Drones, Satellites Map One Company Destroying Virgin Forest
A new report shows the extent to which one company is chopping down valuable rain forest in Papua, one of Indonesia's last bastions of untouched forest
In recent years, companies that produce palm oil in Indonesia have pledged to halt deforestation and commit to sustainable production practices — but many are still engaged in the wholesale destruction of the country’s rain forests. Using satellite imagery, drone photography, remote sensing, and boots-on-the-ground reporting, researchers have shed light on one company’s continued decimation of one of Indonesia’s last pristine corners.
The report, “Burning Paradise,” documents the massive deforestation undertaken by Korindo, a Korean-Indonesian company that produces palm oil, a ubiquitous product that finds its way into products as diverse as shampoo and ice cream. The firm operates a concession in the forests of Papua, a bastion of biodiversity in a country whose forests have been compromised by agribusinesses for decades, as well as in the province of North Maluku. The report is the result of satellite analysis and data collection which happened over the course of many months, beginning last fall, and a field investigation which took place during first week of June.
As of June of this year, the company had 75,000 hectares of forest under its concessions, and more than half of that was untouched, primary forest. Researchers with the environmental organizations Mighty, Aidenvironment, and Waxman Strategies found that since 2013, Korindo has cut down a combined 30,000 hectares of forests in those two provinces — 12,000 of which were considered primary forests inhabited by endemic creatures such as tree kangaroos. Further, satellite and photo evidence showed that the company engaged in illegal slash-and-burn land-clearing techniques, which contributed to the haze crisis that enveloped parts of Southeast Asia in 2015 with noxious fumes.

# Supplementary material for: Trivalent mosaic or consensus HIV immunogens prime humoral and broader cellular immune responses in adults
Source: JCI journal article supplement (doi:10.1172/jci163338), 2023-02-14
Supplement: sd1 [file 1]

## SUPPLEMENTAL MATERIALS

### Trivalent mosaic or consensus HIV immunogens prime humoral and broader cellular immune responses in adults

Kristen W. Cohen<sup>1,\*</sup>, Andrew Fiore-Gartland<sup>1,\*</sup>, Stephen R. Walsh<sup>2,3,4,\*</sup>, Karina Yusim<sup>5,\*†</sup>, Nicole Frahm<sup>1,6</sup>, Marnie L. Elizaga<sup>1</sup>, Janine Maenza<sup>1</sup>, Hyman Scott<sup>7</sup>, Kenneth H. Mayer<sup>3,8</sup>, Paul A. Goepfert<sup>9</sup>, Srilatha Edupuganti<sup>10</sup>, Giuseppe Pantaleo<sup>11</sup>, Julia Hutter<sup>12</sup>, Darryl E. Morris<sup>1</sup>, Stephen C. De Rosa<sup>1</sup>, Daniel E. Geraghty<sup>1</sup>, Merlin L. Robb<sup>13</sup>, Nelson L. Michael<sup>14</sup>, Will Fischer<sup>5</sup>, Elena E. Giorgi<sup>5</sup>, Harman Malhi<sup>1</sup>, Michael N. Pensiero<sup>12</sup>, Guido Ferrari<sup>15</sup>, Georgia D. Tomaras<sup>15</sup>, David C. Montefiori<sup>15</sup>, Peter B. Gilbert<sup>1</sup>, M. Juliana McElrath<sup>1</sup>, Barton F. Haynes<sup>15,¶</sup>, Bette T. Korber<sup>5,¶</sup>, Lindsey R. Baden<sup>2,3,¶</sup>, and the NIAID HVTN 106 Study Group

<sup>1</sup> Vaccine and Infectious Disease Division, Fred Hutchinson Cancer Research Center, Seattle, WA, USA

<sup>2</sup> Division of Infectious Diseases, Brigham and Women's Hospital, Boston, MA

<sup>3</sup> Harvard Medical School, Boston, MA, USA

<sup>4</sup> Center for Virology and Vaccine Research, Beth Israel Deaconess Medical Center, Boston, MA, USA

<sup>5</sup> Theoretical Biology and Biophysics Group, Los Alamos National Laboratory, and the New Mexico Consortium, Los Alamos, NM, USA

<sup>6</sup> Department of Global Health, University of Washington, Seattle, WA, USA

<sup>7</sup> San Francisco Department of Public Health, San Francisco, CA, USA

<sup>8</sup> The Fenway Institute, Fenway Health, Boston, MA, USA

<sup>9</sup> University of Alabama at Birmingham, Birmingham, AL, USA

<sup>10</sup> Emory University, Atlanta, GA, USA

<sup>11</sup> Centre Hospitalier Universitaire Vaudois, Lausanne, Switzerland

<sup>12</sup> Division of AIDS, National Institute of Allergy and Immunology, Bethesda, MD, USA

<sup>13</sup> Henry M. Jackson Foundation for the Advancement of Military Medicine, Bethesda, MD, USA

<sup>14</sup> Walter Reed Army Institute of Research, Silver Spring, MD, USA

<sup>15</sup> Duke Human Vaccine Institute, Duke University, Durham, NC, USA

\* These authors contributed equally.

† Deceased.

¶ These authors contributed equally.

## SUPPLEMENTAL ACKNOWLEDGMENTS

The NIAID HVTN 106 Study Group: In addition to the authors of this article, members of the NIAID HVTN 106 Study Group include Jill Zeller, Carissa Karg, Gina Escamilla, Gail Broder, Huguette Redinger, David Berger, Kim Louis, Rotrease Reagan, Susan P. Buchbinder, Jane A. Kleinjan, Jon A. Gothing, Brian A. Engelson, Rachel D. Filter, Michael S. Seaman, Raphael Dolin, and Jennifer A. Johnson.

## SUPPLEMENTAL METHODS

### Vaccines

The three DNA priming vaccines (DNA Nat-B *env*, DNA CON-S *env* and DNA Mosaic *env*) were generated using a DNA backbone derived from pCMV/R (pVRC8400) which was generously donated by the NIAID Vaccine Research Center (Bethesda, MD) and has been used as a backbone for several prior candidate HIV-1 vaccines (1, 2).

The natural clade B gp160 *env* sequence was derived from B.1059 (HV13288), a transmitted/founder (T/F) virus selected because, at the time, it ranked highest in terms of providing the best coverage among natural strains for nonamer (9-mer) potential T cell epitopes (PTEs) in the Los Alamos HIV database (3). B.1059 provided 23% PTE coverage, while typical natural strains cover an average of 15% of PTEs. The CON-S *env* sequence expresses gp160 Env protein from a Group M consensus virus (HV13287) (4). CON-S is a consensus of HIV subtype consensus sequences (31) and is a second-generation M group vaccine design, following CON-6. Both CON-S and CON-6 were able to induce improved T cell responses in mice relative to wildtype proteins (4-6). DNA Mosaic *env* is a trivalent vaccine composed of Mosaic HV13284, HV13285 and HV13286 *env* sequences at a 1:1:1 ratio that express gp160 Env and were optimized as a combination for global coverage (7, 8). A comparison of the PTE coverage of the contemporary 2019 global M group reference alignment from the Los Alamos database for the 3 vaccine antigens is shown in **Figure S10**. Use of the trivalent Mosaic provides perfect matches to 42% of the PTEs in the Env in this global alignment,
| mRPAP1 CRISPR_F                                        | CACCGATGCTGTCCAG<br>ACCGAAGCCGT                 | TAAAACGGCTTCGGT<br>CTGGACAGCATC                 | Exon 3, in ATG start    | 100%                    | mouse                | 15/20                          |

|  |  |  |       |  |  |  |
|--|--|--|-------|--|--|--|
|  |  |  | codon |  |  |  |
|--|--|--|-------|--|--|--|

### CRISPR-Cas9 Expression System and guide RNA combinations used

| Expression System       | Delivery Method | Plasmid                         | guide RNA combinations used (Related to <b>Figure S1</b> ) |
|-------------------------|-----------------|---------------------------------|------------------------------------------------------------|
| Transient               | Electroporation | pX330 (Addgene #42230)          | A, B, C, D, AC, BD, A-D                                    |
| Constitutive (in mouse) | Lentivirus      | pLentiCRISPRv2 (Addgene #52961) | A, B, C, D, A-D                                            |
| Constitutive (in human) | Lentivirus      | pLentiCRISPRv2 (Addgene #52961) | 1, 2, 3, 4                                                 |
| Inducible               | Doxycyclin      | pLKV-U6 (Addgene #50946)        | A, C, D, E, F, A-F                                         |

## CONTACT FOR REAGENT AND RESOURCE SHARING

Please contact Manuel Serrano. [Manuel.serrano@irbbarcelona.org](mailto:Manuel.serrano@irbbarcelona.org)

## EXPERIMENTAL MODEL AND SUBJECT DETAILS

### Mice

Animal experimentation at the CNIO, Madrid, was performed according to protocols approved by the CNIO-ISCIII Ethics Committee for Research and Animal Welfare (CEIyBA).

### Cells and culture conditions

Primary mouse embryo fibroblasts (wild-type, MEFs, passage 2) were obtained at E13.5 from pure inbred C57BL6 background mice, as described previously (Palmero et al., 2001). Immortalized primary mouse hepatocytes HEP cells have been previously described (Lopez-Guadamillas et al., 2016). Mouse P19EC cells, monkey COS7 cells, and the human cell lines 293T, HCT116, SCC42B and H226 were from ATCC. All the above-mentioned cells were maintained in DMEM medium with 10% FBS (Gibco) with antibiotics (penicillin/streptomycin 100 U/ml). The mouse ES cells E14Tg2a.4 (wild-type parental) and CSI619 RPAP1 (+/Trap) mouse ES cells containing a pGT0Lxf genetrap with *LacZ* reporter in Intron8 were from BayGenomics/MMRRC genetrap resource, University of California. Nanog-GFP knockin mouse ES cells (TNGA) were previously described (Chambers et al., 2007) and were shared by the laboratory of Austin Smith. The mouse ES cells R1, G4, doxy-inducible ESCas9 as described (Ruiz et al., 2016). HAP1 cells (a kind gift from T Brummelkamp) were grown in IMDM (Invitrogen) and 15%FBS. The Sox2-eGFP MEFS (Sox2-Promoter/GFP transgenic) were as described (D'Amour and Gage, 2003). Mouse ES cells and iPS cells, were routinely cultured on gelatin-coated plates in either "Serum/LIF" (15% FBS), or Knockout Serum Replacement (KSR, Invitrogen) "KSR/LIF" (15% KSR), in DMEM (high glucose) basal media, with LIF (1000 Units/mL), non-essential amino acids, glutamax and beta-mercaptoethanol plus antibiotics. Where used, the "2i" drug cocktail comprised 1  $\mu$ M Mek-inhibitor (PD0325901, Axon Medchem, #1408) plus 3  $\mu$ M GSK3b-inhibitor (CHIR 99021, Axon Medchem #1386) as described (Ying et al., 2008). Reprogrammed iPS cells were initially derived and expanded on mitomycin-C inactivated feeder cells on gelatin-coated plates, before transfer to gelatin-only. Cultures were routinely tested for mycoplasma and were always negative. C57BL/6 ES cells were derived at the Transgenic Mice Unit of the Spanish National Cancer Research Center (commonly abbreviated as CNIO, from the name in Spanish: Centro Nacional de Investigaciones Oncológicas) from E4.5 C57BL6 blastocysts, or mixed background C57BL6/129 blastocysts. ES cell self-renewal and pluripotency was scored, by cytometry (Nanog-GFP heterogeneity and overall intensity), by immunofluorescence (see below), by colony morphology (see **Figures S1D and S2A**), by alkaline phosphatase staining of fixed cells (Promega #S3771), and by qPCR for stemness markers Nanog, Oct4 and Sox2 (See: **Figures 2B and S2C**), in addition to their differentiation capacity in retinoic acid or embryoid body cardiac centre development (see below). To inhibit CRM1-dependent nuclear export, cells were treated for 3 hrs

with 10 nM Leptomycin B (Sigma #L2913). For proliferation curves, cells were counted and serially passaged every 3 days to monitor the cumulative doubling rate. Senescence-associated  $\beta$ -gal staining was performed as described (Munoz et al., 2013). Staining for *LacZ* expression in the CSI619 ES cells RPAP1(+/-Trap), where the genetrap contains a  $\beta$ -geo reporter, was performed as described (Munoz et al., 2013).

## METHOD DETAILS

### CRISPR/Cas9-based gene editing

Glenn Hurowitz, a researcher with Waxman Strategies who helped put together the report, said that the report demonstrates why companies can’t be left to their own devices to tackle deforestation. “Two years after the big palm oil companies adopted stronger deforestation policies, there’s still massive deforestation occurring in plain sight within their supply chains,” he said. “It’s a big question why they and their consultants are not catching companies like Korindo, or if they do catch them, why they’re not doing anything about it.”
Hurowitz said that satellite resources such as Global Forest Watch, a tool that allows for real-time monitoring of deforestation in certain areas, make uncovering deforestation fairly easy for activist NGOs that do not have the capacity or budget of large agribusinesses or national governments. “The important thing is that it’s not hard for us to do it, and it should be really easy for these companies with all the financial resources they have, [and] it should also be for the Indonesian government to monitor,” he said. A spokesperson for the Indonesian government did not respond to a request for comment.
Other technologies such as locally-controlled drones have also allowed for researchers to capture higher resolution images and evidence that shows just how destructive companies such as Korindo are on the ground. Hurowitz said that researchers in the past had to fly planes to get similar images, but given the restrictions around areas such as Indonesian Papua—the province has long been a no-go zone for journalists and activists—planes were usually not allowed. “Drones provide an opportunity to not really raise national security concerns, so it’s a lot easier to document what’s happening without running afoul of government concerns,” he said.
Bustar Maitar, an activist and researcher with Mighty Southeast Asia based in Indonesia, further explained the process of using drones in an email. “When we confirm the strong possibility of deforestation and fires, then we send [an] investigation team on the ground to do ground checking, including using simple drone technology to get real-time images and video,” he wrote. “All pictures and videos are geo-[tagged] so we have the GPS coordinates of every image and video.”
Maitar added that as a personal project, he is trying to equip people in Papua, one of the poorest and least developed parts of Indonesia, with the means to monitor activities by major corporations in order to report any abuses without the aid of trained researchers. “We would like to get more support from [the] public to make the technology available for local people in Papua,” he said.
The report suggests that in addition to enforcing a moratorium on all forest clearing and burning, Korindo should address its legacy of deforestation and become more transparent in its future endeavors in order to gain public trust.